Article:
Back to the story…

We went out to Logan’s Steakhouse. They serve grilled cheese, a veggie plate, and steaks, so they meet all our requirements for going out. They even have free peanuts.

We were waiting for our meals to come out, and Simon was stimming. He was sitting in the corner of the booth, flapping his hands, and moving his head. And smiling.

“Why are you doing that?” I asked him, not actually expecting an answer, but asking because I always try anyway.

“I’m happy,” he said.

Wait. What? He said he was happy?

“Why are you happy?” I asked, pushing my luck.

He didn’t say anything for a minute. Just kept flapping and smiling.

“I like Logan’s,” he said.

Wow.

First off, I can know with some degree of certainty that he does actually know why he stims, and he’s doing it on purpose. Second, I know that he really does like going out to eat there. I was pretty sure of that second thing already since he asks to go whenever we go buy our comics – I have no idea why he has put that connection there, but he has, and it’s awful hard to say no when you’re tired and don’t feel like cooking.

So, the next time you think about telling a person who stims to stop it or to have “quiet hands,” shut up instead.


What Is EcholaliaA few days ago, we were at the comic book store, and Simon came up to me.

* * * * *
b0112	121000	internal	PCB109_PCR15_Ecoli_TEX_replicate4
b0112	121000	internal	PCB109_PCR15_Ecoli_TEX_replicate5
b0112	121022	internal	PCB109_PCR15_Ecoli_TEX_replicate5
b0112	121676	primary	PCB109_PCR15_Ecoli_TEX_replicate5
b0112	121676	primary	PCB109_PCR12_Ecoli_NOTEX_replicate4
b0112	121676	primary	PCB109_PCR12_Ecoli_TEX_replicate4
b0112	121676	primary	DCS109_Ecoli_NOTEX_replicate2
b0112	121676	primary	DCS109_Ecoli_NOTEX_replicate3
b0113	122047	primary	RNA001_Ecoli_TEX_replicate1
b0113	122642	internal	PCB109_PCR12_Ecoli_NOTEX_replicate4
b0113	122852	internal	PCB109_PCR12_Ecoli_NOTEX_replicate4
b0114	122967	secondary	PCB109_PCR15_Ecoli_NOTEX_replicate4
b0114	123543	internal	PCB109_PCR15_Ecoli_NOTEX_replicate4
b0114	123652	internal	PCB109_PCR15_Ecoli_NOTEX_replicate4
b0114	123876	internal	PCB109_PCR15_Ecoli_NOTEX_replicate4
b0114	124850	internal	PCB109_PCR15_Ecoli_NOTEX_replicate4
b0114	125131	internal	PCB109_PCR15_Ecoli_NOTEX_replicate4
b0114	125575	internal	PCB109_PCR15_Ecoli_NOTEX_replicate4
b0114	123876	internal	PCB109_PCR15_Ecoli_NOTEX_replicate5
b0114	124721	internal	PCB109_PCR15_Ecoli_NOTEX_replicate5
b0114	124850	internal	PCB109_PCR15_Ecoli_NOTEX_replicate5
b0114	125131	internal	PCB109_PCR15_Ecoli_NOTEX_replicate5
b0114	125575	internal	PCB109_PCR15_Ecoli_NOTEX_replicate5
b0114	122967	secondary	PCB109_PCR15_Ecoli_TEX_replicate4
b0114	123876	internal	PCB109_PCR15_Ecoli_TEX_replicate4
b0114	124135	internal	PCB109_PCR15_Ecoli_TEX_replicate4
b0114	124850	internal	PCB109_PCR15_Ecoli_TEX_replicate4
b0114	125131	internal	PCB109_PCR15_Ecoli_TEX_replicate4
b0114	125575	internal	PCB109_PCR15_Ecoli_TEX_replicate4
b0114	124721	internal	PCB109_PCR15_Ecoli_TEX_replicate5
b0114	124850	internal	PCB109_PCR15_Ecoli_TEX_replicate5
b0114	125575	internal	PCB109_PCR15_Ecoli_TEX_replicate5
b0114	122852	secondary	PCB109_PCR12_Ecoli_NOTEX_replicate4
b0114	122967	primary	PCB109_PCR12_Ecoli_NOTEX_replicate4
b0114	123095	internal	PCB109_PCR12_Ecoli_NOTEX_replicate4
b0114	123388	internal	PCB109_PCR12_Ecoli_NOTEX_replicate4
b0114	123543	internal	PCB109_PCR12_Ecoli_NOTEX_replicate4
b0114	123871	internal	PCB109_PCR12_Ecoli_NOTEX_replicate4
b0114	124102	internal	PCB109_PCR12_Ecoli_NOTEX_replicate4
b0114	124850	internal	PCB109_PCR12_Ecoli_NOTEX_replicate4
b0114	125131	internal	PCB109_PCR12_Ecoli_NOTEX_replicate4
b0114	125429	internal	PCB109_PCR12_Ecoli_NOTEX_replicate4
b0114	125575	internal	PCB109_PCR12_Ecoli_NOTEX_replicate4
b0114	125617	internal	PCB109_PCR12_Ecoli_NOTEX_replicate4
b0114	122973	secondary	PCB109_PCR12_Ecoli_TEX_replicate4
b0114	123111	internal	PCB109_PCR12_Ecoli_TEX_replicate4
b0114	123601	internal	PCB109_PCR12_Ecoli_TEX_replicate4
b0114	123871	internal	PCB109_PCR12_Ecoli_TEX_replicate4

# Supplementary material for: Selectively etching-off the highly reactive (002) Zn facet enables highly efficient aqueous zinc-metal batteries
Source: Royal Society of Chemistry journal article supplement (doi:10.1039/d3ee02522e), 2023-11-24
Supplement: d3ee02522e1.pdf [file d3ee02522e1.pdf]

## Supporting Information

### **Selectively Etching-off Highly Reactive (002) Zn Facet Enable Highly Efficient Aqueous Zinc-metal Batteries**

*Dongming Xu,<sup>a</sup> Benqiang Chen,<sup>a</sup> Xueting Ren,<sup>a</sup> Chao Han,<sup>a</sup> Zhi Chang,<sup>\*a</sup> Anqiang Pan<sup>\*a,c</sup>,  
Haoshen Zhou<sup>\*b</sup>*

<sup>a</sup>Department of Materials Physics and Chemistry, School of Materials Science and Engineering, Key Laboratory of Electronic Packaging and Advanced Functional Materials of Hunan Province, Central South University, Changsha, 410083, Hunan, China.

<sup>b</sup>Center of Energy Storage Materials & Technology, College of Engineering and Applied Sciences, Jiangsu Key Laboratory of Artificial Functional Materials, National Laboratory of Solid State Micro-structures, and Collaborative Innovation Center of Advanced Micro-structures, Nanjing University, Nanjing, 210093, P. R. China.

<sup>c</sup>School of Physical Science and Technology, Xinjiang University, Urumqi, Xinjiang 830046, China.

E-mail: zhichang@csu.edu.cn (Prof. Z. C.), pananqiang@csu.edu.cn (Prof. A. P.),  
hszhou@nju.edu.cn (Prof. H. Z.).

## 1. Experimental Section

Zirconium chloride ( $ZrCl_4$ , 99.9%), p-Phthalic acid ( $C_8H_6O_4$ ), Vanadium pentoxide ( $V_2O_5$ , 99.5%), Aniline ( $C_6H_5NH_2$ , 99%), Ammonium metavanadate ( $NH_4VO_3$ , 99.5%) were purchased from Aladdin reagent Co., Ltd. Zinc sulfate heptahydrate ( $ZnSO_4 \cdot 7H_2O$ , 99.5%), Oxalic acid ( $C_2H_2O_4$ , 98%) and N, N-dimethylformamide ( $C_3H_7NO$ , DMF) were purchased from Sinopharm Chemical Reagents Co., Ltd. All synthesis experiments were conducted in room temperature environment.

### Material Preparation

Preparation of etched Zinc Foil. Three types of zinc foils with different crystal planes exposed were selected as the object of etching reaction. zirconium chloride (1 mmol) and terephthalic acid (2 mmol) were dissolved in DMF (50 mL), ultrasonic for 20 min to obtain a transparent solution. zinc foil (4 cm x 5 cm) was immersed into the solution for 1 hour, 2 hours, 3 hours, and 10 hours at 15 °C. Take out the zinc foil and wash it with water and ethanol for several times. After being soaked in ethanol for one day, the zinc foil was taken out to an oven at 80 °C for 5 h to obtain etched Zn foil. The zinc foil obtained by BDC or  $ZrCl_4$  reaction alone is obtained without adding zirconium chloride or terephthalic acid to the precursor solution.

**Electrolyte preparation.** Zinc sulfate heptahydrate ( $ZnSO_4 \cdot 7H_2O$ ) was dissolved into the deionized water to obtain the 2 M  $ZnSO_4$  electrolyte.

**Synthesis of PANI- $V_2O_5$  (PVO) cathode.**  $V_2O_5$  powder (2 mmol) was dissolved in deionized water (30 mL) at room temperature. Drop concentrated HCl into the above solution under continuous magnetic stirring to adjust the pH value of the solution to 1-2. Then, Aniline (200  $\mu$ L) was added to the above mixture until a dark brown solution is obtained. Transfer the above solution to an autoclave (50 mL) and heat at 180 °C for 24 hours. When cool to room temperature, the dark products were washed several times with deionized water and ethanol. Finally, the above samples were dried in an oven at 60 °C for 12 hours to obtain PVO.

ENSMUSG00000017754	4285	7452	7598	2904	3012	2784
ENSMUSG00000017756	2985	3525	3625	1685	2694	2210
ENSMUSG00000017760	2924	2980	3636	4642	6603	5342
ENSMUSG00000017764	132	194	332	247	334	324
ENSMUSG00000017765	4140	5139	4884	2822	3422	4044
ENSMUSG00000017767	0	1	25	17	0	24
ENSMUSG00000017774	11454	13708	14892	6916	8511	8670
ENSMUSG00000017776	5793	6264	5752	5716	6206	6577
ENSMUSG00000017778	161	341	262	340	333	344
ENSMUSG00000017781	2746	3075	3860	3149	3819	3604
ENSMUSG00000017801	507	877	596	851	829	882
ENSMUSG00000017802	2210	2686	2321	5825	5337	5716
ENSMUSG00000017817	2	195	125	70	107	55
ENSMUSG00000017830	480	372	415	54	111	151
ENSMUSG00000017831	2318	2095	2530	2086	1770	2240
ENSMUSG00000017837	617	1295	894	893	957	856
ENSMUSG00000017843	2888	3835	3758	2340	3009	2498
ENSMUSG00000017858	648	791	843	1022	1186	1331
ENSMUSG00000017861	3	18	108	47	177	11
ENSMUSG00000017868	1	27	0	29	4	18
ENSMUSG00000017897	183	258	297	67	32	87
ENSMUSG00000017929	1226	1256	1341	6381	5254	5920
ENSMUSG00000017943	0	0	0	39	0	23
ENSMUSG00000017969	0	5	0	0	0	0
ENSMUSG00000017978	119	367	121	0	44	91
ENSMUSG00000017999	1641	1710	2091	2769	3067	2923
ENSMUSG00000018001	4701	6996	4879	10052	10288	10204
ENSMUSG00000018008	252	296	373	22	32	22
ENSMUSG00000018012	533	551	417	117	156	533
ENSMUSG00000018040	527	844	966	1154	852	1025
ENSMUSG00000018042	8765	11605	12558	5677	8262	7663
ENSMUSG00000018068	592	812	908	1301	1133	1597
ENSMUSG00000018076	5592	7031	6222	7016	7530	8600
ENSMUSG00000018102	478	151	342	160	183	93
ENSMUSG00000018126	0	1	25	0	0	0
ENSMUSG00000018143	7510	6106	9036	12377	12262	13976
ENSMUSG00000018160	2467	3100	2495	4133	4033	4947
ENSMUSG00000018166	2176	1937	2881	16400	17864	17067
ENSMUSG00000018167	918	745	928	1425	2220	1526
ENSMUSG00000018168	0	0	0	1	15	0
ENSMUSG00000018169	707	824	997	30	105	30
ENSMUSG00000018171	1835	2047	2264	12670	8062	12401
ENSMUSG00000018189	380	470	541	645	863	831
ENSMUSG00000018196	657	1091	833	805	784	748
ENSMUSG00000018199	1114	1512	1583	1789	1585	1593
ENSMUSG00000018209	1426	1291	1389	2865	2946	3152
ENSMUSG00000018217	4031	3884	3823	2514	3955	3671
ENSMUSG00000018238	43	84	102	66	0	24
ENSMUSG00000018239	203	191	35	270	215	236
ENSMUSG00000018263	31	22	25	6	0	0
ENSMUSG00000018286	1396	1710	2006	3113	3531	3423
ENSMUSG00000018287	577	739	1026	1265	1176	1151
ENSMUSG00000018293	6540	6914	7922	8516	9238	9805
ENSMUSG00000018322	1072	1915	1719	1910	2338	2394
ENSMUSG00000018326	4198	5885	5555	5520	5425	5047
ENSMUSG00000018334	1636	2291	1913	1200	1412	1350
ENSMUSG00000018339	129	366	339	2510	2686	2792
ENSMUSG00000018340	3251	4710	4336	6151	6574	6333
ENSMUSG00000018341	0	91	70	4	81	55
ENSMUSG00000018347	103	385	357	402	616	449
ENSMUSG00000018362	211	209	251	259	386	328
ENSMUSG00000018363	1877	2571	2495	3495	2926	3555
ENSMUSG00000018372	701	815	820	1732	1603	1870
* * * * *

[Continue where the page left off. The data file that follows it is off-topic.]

“Should we give the Indians food?” he asked.

For those who don’t know it, he was referring to the really horrible (and really funny, but not in the way they intended) Charlie Brown Mayflower episode.

“Yes, we should feed the Indians. Otherwise they’ll be hungry, right?” I said. I always respond to Simon’s echolalia because…well, why not?

He looked at me like I was an idiot and repeated himself, “Should we give the Indians food?”

I stopped and looked at him.

“Do *you* want food?” I asked.

He nodded. “Yes.”

Score: One for Simon, zero for mom.

This is why echolalia can be so valuable. Simon might not know how to come up to me and tell me that he wants to get food, but he can provide lines from a show that gets to it in a round-about way. And I’m good with that.

Yes, I’d love Simon to be able to communicate perfectly. I’d love for his communication to even be at a four-year-old level where he could straight out say, “Hey, I’m hungry!” But that isn’t happening yet, and that’s okay. At least we’ve been moving in the right direction.